• Sue says:

    It’s great to hear again about these great conductors from the past, if only to remind us what influential figures they were compared to today’s bunch.

  • Doug says:

    The petty pissing matches by the pissant star worshippers about which recording of the complete Dittersdorf viola concerti are a combination hilarious and pathetic. I’ve met you all at concert halls over the span of my career and you are indeed utter bores.

    • John Borstlap says:

      From under which rock comes this burb?

    • Petros Linardos says:

      Your comment got me curious.
      The wikipedia entry on Dittersdorf lists 5 viola concertos. Alas, I couldn’t any recordings of them at Arkivmusic. Thankfully, youtube has this one:
      https://www.youtube.com/watch?v=eeVLLplIY74
      Nice but not my cup of tea, as performances of 18th century music go.

    • Fionn MacCumhaill says:

      I think what you mean is Solti is overrated like a lot of others eg H v K. If you count up their recordings with Building a library, Critics choice, Great recordings of the Century, or Gramophone awards, they do not fare that well. Solti’s Tannhauser on Decca got picked for the Paris version on CD review building a library ok, Karajan for example only comes out well on some Verdi, a few Strauss operas and Alpine Sinfonie, his Beethoven cycles did not get any of these. Karajan’s problem was he saturated the market with so many, in order to block others. In those days there were only a limited number of labels, DG, EMI/HMV, Decca, Phillips, now with so many new labels the situation is different. Kleiber on the other hand did not make very many recordings, (more live on Orfeo are coming to light), all of his scored better. Kempe also seemed to score better than H vK in the ratings. It would be interesting to go over all of Soltis and see how many won awards, got building a library etc.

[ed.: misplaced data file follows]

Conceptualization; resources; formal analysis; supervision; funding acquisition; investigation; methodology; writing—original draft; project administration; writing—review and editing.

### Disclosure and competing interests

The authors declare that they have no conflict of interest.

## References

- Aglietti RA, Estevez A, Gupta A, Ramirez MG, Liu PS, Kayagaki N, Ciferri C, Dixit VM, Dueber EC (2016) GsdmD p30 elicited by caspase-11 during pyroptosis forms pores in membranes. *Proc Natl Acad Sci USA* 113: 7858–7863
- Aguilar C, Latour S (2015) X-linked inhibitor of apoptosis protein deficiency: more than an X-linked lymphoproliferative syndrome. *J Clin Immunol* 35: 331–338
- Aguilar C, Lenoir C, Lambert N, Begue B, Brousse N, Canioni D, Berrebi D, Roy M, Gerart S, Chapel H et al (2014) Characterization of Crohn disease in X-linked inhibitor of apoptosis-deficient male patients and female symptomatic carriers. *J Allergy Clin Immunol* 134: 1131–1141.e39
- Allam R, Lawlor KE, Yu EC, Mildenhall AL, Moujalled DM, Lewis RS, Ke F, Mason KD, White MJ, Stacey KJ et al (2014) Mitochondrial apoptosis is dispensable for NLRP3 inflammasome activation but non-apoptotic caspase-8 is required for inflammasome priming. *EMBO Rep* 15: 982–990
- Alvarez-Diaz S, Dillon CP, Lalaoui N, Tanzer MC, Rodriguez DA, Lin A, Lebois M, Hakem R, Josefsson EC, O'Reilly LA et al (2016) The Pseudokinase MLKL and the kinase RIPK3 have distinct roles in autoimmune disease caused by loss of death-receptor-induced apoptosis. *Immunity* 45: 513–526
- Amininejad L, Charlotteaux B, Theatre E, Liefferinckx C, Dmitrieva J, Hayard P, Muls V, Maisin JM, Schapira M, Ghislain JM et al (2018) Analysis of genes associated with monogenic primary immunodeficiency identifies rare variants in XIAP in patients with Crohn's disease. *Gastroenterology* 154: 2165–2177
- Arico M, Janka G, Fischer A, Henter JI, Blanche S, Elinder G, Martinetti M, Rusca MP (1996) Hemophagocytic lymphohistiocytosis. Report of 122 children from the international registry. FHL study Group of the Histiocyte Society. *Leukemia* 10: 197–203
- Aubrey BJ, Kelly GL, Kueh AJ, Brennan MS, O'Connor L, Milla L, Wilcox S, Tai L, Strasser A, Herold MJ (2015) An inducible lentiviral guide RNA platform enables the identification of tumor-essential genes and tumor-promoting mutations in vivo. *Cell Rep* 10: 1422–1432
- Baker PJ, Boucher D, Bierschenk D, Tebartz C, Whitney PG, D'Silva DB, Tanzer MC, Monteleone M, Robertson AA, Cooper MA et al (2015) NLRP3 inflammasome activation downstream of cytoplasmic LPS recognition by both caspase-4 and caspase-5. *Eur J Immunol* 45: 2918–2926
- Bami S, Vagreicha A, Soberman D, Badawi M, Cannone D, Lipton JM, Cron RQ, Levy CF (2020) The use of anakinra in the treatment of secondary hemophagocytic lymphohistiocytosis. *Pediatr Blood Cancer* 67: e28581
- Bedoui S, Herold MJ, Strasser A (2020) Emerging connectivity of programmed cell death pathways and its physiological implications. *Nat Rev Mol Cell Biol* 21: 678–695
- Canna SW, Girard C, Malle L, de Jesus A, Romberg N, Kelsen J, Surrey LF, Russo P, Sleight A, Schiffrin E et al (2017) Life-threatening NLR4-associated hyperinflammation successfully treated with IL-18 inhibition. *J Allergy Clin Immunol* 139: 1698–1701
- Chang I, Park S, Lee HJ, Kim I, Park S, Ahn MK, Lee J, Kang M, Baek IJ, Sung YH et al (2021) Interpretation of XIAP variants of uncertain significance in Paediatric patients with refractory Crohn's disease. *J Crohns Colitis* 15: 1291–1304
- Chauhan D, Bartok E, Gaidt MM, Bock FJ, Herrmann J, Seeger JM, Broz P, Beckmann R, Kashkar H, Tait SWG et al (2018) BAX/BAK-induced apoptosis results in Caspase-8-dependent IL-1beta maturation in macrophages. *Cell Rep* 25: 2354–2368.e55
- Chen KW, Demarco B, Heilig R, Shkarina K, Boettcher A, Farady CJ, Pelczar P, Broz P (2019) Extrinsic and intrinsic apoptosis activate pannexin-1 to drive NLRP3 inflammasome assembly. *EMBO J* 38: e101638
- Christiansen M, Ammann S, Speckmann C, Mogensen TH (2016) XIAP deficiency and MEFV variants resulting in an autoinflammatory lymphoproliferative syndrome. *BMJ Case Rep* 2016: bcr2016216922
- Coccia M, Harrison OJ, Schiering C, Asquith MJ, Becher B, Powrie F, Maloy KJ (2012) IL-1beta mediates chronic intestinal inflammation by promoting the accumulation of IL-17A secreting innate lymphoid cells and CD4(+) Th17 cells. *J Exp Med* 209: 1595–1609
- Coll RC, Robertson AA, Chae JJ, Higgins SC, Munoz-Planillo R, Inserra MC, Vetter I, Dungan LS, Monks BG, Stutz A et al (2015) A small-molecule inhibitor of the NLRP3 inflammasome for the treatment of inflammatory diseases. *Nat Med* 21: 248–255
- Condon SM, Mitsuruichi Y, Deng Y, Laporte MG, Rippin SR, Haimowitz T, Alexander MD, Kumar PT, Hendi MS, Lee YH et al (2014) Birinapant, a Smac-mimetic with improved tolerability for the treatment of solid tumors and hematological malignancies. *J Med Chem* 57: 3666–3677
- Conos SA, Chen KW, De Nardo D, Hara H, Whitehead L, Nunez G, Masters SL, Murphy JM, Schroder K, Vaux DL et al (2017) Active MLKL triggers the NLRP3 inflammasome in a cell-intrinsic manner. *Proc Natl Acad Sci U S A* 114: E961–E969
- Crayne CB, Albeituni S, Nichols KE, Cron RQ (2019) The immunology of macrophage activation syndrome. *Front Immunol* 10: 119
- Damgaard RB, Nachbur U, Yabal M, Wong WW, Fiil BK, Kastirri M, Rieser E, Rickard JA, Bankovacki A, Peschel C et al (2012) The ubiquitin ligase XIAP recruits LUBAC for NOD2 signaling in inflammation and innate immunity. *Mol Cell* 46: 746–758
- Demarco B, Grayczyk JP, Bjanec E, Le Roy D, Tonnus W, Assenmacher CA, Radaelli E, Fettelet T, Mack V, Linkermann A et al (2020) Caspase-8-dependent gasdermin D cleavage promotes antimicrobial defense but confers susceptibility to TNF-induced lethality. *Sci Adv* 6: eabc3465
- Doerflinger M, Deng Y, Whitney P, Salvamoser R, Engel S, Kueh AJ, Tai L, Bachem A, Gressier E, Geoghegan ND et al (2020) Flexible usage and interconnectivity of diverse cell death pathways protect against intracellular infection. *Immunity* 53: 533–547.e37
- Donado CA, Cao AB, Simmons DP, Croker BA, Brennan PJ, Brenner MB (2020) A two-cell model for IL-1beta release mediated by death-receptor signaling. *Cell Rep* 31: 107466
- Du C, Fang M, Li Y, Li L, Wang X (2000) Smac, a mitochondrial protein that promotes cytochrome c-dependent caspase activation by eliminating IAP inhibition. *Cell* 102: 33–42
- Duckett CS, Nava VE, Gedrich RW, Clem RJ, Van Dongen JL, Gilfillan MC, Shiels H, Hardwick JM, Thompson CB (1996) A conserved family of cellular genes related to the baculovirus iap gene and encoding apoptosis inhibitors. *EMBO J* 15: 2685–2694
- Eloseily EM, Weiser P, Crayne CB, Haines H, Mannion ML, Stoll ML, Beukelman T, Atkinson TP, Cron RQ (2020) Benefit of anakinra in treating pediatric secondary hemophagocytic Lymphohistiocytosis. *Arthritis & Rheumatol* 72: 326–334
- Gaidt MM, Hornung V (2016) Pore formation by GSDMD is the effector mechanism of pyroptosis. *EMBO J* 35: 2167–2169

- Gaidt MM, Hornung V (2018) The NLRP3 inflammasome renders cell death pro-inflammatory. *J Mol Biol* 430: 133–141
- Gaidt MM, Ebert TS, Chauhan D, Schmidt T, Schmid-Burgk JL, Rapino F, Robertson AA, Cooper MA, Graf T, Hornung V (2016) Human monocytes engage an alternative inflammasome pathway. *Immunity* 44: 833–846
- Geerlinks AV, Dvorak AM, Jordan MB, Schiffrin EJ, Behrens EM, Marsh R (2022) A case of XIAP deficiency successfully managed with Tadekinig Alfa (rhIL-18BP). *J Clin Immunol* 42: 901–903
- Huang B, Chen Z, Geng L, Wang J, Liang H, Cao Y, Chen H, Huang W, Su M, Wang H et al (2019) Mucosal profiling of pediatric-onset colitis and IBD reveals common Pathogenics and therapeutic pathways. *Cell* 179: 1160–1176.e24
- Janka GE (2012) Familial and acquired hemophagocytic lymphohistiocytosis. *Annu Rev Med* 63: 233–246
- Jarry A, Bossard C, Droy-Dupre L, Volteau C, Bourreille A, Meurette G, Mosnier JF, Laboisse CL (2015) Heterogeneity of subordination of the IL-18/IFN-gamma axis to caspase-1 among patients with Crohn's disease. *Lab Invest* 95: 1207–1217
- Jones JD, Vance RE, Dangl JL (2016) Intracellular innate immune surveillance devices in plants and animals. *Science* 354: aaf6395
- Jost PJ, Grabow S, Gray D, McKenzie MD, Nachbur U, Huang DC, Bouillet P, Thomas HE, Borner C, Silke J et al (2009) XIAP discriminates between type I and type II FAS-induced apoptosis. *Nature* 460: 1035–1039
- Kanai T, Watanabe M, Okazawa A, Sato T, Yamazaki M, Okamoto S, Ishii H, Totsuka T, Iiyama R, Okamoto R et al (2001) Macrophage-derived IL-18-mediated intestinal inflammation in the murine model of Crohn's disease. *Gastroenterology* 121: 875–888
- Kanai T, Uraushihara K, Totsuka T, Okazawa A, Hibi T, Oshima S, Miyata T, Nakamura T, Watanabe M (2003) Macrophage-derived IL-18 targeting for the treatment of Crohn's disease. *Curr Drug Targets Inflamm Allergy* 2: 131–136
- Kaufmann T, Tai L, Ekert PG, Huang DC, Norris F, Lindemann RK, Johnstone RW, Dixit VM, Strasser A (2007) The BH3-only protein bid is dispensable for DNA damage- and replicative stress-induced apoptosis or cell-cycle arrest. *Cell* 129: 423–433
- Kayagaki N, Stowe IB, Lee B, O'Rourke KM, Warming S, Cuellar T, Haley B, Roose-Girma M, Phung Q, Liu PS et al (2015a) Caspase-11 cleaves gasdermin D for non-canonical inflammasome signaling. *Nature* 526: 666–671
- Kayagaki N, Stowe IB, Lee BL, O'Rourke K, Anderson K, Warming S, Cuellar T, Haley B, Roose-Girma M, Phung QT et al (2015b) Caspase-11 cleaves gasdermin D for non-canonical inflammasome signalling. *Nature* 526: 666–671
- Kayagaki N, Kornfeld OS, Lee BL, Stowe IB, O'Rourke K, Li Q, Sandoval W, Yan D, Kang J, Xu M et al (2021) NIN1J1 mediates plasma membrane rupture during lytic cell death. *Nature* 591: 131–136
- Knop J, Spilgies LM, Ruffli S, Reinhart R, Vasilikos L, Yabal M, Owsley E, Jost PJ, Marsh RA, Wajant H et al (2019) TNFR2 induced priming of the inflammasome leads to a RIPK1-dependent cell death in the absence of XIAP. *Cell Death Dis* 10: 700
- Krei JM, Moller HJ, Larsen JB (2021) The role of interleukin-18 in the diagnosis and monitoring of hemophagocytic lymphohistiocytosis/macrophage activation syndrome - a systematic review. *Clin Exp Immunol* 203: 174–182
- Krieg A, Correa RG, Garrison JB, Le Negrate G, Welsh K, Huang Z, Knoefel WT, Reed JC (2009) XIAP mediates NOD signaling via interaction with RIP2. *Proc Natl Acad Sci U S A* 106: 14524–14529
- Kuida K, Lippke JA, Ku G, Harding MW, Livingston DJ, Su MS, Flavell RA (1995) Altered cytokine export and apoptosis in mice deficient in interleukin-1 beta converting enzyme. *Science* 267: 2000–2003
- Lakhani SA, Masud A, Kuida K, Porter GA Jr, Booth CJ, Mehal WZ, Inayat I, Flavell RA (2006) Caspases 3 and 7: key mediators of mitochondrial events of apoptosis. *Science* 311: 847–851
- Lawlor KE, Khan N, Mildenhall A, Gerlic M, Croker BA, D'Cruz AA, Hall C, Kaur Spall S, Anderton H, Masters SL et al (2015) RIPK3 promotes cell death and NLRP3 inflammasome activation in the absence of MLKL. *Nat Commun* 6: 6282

• Stephen says:

        I don’t attach that much importance to Gramophone Awards or Building a Library. I have a number of Gramophne Awards which I consider dire and often give them away (not to best friends) and there a a good few critics I just don’t trust. It may sound arrogant, but if I think a recording is great, and many of Sir George’s fall into this category, then it is great. Solti in fact has been my hero since hearing him conduct two acts of “Walküre” at a Prom in 1964. It was a life-changing event. Never had I seen a man so overflowing with energy or heard such wonderful music. After that I went to hear him whenever I could.

        • Fionn MacCumhaill says:

          Yes indeed I agree to some extent critics can get it badly wrong I find many of the Building a library etc choices odd, often I ignore them I pick my own, for example they chose for Beethoven Missa Solemnis John Deathridge picked Carlo Maria Giulini! I prefer Gunter Wand 1965 and the Gurzenich on Testament, far grander you can hear every word of the text too unlike H v Ks.

          http://www.classical.net/music/recs/reviews/t/tst01285a.php